Mike Rowe, the popular host of the “Dirty Jobs” TV program, has long focused on the importance of hard work and a strong work ethic and emphasized the need for more “blue collar” workers in the various skilled trades.
As such, he has created mikeroweWORKS, an organization that hands out scholarships for young individuals seeking the necessary training to enter the skilled trades work force, provided the applicants agree to sign the “S.W.E.A.T. Pledge,” which stands for “Skill and Work Ethic Aren’t Taboo.”
According to The Daily Wire, the mother of a young man interested in applying for the scholarship took exception to that pledge and let Rowe know.
But if she was expecting an apology in regard to the requirement, she was disappointed. Instead, she received an incredible lesson instead.
The mother wrote, “Mr. Rowe — I heard about your ‘work ethic scholarship program,’ and suggested my son apply. He wants to be a welder! I was appalled, though, when he showed me your ‘sweat pledge,’ and told me that signing it was required of all applicants!! Where did you come up with this nonsense? There are so many things wrong with this document I don’t even know where to begin!! Suffice it to say, we will not be applying!!!”
Rowe replied in a Facebook post — which he noted in a post script was a repost from last year that simply needed to be shared again — “If it’s any consolation, you’re not the only one to object to my S.W.E.A.T Pledge, or do so with an over-reliance on exclamation points!! Over the years, it’s been my sad duty to inform lots of angry parents that this particular pile of free money might not be for them, or for their children.”
Rowe sincerely wished the woman’s son success in the wide-open field of welding, but added, “I have absolutely no interest in paying for his training if (he) doesn’t share my opinions on the importance of hard work, a positive attitude, delayed gratification, and personal responsibility.”
“Sorry — I made a promise to the people who contribute to this fund, and I can’t bend the rules,” Rowe said. “Fortunately, lots of scholarship funds will hand out money with no strings attached, and if you poke around, I’m sure you’ll find one that’s more in line with your worldview.”
As to the “nonsense” in the pledge that had raised the woman’s ire, Rowe offered up an unapologetic explanation of how the pledge came to be a requirement for earning the scholarships.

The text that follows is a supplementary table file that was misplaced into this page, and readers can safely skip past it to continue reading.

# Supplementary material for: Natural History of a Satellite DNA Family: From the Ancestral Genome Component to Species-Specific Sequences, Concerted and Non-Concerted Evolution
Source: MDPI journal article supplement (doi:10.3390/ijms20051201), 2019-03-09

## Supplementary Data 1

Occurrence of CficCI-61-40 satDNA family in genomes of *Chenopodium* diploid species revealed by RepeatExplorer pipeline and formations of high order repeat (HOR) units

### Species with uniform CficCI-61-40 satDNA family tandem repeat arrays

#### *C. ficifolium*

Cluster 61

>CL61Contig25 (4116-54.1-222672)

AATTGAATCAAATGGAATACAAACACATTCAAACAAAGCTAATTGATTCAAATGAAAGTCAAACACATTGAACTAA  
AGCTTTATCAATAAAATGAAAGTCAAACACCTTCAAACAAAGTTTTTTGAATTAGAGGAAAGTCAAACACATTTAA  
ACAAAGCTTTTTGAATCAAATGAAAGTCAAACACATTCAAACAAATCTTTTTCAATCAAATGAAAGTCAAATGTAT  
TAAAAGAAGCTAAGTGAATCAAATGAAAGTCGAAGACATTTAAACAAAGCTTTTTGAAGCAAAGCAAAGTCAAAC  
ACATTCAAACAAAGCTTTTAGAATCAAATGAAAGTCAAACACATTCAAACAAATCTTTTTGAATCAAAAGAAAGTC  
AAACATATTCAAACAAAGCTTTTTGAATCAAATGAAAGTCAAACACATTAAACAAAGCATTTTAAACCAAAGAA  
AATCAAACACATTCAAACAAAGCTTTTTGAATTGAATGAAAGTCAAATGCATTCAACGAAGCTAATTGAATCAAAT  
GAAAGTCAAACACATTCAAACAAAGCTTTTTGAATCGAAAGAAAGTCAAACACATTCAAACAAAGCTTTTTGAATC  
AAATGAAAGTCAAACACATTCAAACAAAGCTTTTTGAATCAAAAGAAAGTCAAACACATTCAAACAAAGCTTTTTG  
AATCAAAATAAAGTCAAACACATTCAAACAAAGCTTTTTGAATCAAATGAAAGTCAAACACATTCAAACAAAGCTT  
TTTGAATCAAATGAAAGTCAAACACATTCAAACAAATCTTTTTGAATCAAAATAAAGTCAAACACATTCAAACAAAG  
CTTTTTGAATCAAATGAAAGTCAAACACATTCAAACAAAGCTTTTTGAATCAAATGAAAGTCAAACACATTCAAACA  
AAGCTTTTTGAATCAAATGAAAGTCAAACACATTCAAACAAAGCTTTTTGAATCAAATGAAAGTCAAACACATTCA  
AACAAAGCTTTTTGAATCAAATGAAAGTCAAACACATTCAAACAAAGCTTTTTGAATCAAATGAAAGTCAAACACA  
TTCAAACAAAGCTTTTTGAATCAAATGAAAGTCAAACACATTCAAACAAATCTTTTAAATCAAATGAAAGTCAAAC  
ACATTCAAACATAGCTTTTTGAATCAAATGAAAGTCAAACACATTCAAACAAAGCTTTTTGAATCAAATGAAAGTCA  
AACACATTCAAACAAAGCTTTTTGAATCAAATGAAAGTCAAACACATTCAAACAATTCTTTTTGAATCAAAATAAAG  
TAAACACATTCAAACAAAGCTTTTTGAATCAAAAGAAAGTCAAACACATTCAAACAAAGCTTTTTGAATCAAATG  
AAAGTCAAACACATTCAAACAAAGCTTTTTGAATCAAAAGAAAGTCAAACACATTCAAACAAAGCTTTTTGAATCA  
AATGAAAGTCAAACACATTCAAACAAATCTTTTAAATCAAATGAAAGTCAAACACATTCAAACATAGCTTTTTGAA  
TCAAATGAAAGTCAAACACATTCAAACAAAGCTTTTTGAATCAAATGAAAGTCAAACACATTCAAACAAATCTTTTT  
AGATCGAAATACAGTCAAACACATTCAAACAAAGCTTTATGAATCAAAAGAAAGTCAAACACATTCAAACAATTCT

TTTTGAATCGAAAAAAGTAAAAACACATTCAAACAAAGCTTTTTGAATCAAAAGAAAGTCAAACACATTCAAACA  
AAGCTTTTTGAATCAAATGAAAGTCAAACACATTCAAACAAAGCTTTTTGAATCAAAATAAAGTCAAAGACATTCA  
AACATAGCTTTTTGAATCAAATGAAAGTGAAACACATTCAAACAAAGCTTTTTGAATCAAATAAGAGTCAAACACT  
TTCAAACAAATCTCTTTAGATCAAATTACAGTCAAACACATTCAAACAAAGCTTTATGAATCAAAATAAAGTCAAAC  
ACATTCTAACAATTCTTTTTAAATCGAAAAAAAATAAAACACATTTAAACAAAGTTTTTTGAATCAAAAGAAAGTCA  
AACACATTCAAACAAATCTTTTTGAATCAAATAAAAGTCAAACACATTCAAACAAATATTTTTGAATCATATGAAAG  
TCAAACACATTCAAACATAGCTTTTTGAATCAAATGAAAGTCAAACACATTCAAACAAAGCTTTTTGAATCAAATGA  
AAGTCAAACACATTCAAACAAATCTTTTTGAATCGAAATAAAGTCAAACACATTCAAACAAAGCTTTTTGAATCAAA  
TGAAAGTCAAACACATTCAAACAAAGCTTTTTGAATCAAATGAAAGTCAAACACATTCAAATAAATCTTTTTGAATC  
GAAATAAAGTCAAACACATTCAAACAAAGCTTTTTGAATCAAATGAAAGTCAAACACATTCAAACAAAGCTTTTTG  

“I was looking for a way to encapsulate the qualities I value most in a document that would become part of the application process,” wrote Rowe. “What I settled on was the S.W.E.A.T Pledge. It stands for ‘Skill and Work Ethic Aren’t Taboo.’ Mostly, it’s a collection of beliefs that I think every worker would benefit from embracing.”
Rowe said the woman hadn’t specified which parts of the pledge she took issue with, but proceeded to address some of the complaints he had received in the past in regard to certain aspects of the pledge, particularly that it was too “patriotic,” “parsimonious,” “paternalistic” or some sort of “conservative manifesto,” though he insisted there was nothing political about the pledge whatsoever.
Admittedly, it’s hard to imagine anyone reading Rowe’s S.W.E.A.T. pledge and finding anything so objectionable they would pull their scholarship application.
— DC Is Bankrupt (@pjamericanpatri) July 16, 2015
Rowe also addressed the complaint that the pledge was weighted in favor of employers against the employees, and though he understood that particular objection, he nevertheless rejected it out of hand, and noted that most of the successful employers he has met over the years had initially started off as hard working employees who embodied the ethos laid out in his pledge.
Hilariously, he also let the woman know that he had “raised tens of thousands of dollars for scholarships by selling S.W.E.A.T Pledges. Thousands now hang in schools, factories, construction sites, and cubicles across the country.” He even offered her a copy for free to show that there were “no hard feelings” in response to her critiques.
He closed by extending the offer of his scholarship fund — which has raised roughly $500,000 in funds for this year — to anyone willing to apply, sign the pledge and work hard to master a skilled trade that is in demand.
Rowe’s attitude toward hard work, dedication to one’s job and a strong work ethic is something that is sorely lacking in far too many people these days, and is highly worthy of encouragement and promotion.
His focus on the type of “blue collar” jobs that are too often overlooked by society is also something that is desperately needed these days, and we will continue to cheer his efforts at training hard workers to serve their communities with vital skills in the various trades necessary to keep our nation running smoothly.
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